Alcohol Change UK cites evidence that Dry January leads to some long-term reduction in drinking, and not often to wild increases in consumption after the “dry” month. The charity does not claim that Dry January fixes the social problems. But if more people choose to reduce drinking even for a while — and more and more young people choose to drink little or no alcohol — that helps the life and health of the labour movement, in the same way as the success of official “stop smoking” campaigns helps.

Socialist organisations have often promoted sponsored “stop smoking” spells, or runs or cycle rides or such, as fund-raising efforts. It’s possible to nudge the culture along without being moralistic and divisive.

Martin Thomas, Islington

Mass job losses

Taken seriously, the call for people to become, all at once, teetotal vegans would, in the absence of any planning, also lead, pretty much immediately, to mass unemployment, amongst pub, brewery and restaurant workers, farm and fisheries workers, and no doubt shop and distribution workers too.

Matthew Thompson, Stockport

Hegel not straightforward

I agree with Les Hearn (Solidarity 494) that Marxism cannot offer advice to the physical sciences, let alone figure as a “super-science” able to establish scientific conclusions by a procedure bypassing the usual difficulties of scientific investigation. The summary of Hegel on dialectics with which Les starts his article, however, I think, overstates the “straightforwardness”.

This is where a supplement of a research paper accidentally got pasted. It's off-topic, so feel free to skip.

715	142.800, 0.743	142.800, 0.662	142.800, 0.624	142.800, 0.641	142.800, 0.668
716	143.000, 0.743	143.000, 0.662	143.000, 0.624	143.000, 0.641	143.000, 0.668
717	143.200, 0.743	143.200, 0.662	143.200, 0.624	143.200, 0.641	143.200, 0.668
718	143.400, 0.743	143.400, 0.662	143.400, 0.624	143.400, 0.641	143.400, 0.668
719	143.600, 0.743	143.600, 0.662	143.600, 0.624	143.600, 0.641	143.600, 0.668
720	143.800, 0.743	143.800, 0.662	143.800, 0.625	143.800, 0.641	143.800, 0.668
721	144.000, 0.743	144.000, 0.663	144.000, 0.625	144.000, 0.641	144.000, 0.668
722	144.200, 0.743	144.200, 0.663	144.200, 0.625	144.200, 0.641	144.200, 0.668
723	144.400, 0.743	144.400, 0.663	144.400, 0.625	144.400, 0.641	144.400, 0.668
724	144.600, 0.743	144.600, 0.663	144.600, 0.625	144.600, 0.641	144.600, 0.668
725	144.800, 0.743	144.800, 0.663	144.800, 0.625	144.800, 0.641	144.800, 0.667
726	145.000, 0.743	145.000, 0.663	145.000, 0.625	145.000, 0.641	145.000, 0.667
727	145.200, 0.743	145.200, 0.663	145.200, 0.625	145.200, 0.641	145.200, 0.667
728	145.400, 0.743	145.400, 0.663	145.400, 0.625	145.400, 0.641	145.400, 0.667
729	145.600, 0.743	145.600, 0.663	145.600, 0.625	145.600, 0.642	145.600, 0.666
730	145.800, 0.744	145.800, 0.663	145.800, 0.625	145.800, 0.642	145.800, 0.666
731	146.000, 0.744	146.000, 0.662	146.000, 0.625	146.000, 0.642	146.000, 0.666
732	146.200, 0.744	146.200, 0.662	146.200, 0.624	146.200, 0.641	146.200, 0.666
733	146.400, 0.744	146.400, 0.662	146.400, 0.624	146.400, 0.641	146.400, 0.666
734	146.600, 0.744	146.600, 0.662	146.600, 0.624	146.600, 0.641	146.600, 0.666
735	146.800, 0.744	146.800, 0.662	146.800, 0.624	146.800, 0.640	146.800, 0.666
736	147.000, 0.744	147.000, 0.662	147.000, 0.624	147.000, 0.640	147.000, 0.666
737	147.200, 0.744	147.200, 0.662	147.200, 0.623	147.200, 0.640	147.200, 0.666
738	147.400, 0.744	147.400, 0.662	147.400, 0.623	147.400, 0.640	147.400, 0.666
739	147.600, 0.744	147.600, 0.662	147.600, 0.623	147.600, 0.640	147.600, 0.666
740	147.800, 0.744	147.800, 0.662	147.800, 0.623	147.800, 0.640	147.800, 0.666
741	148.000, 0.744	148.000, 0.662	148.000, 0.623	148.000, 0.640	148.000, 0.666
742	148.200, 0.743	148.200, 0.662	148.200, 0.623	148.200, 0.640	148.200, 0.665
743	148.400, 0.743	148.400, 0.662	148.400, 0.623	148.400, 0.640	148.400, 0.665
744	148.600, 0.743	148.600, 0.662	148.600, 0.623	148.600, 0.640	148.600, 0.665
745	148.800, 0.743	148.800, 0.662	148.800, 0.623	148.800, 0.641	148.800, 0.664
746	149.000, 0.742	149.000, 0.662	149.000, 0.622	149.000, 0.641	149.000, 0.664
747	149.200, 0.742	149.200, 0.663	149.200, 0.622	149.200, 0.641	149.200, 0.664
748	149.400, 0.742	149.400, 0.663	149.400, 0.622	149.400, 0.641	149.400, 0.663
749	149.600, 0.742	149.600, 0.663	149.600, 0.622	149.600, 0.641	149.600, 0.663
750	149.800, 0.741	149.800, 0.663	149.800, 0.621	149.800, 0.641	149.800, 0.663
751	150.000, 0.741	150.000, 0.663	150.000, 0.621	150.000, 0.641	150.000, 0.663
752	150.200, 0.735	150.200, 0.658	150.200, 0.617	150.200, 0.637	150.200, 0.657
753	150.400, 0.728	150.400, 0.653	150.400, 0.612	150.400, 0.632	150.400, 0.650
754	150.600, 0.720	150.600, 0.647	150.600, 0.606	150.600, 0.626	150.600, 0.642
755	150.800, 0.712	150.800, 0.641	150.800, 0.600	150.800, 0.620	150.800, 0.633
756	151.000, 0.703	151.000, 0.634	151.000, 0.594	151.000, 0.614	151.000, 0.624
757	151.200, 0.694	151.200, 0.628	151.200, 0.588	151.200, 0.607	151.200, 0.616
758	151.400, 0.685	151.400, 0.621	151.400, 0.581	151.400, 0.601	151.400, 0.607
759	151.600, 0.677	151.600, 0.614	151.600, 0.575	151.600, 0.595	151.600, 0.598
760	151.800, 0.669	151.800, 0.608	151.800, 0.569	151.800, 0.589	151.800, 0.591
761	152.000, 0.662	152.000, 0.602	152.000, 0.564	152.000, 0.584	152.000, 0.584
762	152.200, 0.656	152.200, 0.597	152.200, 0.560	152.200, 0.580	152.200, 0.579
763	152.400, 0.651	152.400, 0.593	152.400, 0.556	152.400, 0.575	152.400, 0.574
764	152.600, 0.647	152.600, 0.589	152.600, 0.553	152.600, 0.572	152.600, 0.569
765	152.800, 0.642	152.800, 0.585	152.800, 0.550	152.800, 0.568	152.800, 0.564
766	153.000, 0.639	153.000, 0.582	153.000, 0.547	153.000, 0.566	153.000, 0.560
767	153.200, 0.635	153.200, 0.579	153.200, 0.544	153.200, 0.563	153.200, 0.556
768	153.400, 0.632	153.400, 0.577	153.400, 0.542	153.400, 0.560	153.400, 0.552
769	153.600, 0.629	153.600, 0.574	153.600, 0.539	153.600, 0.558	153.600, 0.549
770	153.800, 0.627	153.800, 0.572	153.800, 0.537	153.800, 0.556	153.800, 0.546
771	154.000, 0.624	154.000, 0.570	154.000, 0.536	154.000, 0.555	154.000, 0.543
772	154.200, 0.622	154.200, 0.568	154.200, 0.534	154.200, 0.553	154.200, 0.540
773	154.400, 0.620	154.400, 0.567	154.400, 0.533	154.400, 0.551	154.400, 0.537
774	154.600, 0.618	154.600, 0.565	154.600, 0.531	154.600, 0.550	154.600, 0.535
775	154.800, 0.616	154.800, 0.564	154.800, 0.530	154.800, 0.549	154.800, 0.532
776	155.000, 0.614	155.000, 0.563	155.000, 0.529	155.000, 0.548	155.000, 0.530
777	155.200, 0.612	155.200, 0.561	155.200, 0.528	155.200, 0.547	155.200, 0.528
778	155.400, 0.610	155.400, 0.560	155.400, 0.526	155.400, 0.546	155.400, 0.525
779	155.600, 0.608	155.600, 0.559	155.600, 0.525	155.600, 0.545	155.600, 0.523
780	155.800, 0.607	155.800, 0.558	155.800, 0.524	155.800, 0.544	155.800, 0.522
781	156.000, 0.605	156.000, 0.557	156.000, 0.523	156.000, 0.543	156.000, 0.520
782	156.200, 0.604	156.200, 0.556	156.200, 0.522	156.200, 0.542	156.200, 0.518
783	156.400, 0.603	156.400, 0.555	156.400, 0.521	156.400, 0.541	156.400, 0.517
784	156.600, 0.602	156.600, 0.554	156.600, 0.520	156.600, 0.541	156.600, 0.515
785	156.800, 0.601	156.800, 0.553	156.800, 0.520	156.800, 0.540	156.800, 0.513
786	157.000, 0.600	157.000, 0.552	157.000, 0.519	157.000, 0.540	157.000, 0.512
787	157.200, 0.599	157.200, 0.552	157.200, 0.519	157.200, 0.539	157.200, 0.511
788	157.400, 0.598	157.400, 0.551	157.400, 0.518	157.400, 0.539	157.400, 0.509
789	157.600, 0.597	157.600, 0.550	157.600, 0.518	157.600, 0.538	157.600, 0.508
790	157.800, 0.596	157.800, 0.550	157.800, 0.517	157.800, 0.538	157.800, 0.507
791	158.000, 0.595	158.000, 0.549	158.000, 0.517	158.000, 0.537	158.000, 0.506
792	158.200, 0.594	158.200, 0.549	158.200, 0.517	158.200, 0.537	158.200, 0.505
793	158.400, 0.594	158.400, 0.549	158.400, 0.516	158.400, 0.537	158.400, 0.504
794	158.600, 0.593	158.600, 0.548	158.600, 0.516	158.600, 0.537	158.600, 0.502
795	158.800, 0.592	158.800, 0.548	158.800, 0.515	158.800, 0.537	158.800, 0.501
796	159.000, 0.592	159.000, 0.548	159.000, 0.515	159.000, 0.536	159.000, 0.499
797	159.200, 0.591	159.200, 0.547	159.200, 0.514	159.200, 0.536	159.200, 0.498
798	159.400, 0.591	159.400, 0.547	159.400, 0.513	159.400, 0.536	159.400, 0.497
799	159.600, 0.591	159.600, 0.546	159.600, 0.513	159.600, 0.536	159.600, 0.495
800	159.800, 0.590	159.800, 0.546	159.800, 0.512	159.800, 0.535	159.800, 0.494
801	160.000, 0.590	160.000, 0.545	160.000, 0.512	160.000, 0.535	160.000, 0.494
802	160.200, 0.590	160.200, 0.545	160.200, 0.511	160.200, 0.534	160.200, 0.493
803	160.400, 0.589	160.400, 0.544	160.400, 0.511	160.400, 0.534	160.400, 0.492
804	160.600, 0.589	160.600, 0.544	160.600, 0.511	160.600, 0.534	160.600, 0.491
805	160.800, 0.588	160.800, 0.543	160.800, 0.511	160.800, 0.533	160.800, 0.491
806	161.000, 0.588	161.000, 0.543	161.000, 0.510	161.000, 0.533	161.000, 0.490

Dialectics in the general sense is relatively straightforward. Plato’s way of proceeding was dialectical because he constructed his investigations as dialogues, unpicking puzzles, reworking assumptions, making successive approximations. Aristotle’s wasn’t, because he proceeded in a more linear way from axioms or assumptions to conclusions. Hegel saw it differently. For him, dialectics was not really “an art” of investigation. Insofar as it was a “method”, it was a “method” inherent in the object of investigation. For Hegel, dialectics was idealism and idealism was dialectics. The “finite” was unreal. Reality was the Absolute Idea, in its dialectical unfolding. “It is the inwardness of the content, the dialectic which it possesses within itself, which is the mainspring of its advance”.

In his later years, Marx, contrarian as ever, responded curtly to then-current German academic dismissal of Hegel as a “dead dog”. But he did not renounce his earlier critique of Hegel’s dialectical method, or his acceptance of Feuerbach’s critique, which held: “The true dialectic is not a monologue of the solitary thinker with himself. It is a dialogue between ‘I’ and ‘You’... Not alone, but only with others, does one reach notions and reason in general”.

Hegel himself did not enounce super-scientific quasi-laws (as his later popularisers did), like the alleged “law of the transformation of quantity into quality”. He was, however, confident enough about his speculative generalities to think that they could refute Newtonian mechanics: “What Kepler, in a simple and sublime manner, articulated in the form of laws of celestial motion, Newton converted into the nonconceptual, reflective form of the force of gravity”.

Not an approach to copy.

Rhodri Evans, London